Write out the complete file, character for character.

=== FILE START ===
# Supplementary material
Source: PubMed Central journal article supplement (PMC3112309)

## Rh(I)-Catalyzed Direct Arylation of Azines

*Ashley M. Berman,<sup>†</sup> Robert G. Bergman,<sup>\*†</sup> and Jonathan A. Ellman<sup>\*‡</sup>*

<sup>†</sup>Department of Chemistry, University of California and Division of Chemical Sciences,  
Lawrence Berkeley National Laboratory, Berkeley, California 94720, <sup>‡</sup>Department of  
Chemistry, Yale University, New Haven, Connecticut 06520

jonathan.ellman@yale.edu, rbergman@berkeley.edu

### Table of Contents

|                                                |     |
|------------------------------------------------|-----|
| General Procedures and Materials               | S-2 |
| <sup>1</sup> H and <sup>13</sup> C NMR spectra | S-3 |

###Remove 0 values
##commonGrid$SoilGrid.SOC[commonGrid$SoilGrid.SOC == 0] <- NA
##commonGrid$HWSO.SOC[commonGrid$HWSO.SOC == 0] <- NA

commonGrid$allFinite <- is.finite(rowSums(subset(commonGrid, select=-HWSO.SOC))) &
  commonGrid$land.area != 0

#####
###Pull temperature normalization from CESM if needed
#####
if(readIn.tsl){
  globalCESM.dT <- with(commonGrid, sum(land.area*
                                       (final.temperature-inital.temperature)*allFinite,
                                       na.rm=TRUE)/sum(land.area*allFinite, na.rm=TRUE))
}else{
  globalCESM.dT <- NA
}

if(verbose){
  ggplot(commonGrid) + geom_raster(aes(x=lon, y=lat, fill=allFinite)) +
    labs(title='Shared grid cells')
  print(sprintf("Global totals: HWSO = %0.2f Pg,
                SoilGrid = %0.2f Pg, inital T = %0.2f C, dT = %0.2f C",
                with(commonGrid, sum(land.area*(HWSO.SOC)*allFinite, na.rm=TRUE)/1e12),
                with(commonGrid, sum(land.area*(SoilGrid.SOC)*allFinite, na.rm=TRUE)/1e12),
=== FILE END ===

# Supplementary material
Source: PubMed Central journal article supplement (PMC3112309)

## Rh(I)-Catalyzed Direct Arylation of Azines

*Ashley M. Berman,<sup>†</sup> Robert G. Bergman,<sup>\*†</sup> and Jonathan A. Ellman<sup>\*‡</sup>*

<sup>†</sup>Department of Chemistry, University of California and Division of Chemical Sciences,  
Lawrence Berkeley National Laboratory, Berkeley, California 94720, <sup>‡</sup>Department of  
Chemistry, Yale University, New Haven, Connecticut 06520

jonathan.ellman@yale.edu, rbergman@berkeley.edu

### Table of Contents

|                                                |     |
|------------------------------------------------|-----|
| General Procedures and Materials               | S-2 |
| <sup>1</sup> H and <sup>13</sup> C NMR spectra | S-3 |

###Remove 0 values
##commonGrid$SoilGrid.SOC[commonGrid$SoilGrid.SOC == 0] <- NA
##commonGrid$HWSO.SOC[commonGrid$HWSO.SOC == 0] <- NA

commonGrid$allFinite <- is.finite(rowSums(subset(commonGrid, select=-HWSO.SOC))) &
  commonGrid$land.area != 0

#####
###Pull temperature normalization from CESM if needed
#####
if(readIn.tsl){
  globalCESM.dT <- with(commonGrid, sum(land.area*
                                       (final.temperature-inital.temperature)*allFinite,
                                       na.rm=TRUE)/sum(land.area*allFinite, na.rm=TRUE))
}else{
  globalCESM.dT <- NA
}

if(verbose){
  ggplot(commonGrid) + geom_raster(aes(x=lon, y=lat, fill=allFinite)) +
    labs(title='Shared grid cells')
  print(sprintf("Global totals: HWSO = %0.2f Pg,
                SoilGrid = %0.2f Pg, inital T = %0.2f C, dT = %0.2f C",
                with(commonGrid, sum(land.area*(HWSO.SOC)*allFinite, na.rm=TRUE)/1e12),
                with(commonGrid, sum(land.area*(SoilGrid.SOC)*allFinite, na.rm=TRUE)/1e12),